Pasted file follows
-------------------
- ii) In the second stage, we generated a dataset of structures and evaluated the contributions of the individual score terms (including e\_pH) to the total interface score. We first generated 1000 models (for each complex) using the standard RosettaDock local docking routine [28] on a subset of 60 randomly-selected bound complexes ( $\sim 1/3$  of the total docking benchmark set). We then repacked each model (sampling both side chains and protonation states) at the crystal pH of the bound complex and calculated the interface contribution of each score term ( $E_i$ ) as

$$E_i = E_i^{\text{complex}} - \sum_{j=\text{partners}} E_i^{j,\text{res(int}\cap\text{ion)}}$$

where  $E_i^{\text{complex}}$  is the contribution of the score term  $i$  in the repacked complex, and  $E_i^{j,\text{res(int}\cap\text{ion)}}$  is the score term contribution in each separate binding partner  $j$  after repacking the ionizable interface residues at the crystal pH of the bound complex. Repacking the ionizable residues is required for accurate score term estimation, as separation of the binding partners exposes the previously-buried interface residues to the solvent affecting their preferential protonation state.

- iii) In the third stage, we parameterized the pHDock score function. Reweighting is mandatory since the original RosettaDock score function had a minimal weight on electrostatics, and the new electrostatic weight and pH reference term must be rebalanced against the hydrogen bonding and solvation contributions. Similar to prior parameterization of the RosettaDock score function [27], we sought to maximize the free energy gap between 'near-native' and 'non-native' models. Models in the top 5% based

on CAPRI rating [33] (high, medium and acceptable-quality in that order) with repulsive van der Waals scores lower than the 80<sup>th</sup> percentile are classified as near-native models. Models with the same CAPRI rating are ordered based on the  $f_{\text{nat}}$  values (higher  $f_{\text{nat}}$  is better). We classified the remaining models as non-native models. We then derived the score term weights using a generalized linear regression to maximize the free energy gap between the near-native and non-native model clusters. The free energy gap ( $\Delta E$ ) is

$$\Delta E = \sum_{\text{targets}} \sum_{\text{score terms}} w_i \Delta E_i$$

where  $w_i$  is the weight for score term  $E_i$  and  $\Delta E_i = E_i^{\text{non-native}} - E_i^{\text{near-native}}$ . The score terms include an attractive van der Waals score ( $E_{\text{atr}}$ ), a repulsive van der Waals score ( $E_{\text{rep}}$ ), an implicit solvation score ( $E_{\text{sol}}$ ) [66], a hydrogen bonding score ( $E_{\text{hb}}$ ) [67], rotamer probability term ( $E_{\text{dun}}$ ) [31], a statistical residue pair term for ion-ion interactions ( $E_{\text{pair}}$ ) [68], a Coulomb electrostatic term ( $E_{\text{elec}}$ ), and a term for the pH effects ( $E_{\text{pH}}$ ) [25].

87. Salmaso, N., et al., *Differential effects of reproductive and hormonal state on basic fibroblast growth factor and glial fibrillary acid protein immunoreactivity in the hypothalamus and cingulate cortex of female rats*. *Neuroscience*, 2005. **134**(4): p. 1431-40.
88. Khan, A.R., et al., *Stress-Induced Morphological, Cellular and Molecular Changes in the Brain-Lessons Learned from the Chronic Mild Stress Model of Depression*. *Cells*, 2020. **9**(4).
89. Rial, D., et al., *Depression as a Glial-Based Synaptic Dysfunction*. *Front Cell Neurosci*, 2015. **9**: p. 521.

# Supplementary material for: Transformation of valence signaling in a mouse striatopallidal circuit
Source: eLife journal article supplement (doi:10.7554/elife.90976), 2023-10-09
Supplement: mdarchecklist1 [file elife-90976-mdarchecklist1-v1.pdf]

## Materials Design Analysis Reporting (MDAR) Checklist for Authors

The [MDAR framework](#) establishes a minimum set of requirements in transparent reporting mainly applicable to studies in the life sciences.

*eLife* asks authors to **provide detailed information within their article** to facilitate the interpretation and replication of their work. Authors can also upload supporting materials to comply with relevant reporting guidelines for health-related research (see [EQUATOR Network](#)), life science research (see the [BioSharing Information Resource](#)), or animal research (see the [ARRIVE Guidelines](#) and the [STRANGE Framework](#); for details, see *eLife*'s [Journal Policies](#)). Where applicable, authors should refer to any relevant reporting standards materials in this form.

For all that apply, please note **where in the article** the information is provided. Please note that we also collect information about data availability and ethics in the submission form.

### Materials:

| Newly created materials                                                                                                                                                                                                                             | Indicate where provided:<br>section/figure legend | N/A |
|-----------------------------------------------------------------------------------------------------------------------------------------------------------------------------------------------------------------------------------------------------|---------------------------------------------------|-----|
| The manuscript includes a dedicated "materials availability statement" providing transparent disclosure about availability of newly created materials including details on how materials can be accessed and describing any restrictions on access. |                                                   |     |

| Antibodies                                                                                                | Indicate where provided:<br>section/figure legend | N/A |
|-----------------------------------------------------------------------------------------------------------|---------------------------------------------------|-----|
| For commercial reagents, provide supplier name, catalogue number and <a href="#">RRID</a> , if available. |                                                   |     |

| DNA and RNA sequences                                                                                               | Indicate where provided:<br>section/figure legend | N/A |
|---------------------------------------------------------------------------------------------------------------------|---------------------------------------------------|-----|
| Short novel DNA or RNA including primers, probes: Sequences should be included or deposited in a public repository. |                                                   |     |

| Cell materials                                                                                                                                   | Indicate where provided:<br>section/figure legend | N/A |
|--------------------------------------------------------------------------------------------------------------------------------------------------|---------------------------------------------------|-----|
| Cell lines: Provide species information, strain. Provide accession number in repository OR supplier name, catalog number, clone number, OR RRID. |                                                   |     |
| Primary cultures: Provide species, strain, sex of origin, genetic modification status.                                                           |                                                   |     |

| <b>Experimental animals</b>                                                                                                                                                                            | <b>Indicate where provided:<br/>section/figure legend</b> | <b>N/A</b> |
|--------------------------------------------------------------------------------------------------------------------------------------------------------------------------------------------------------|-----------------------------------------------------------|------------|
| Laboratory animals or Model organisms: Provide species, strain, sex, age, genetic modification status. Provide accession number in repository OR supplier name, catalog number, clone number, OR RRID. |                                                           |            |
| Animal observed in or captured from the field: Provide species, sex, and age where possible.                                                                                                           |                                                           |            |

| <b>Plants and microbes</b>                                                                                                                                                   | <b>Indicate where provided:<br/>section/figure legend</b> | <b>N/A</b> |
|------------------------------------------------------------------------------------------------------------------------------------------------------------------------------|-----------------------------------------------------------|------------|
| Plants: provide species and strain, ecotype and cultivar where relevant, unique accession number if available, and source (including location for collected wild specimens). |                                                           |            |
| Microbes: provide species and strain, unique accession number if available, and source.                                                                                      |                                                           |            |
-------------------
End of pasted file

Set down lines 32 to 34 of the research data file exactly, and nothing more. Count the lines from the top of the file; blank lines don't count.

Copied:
| <b>Experimental animals</b>                                                                                                                                                                            | <b>Indicate where provided:<br/>section/figure legend</b> | <b>N/A</b> |
|--------------------------------------------------------------------------------------------------------------------------------------------------------------------------------------------------------|-----------------------------------------------------------|------------|
| Laboratory animals or Model organisms: Provide species, strain, sex, age, genetic modification status. Provide accession number in repository OR supplier name, catalog number, clone number, OR RRID. |                                                           |            |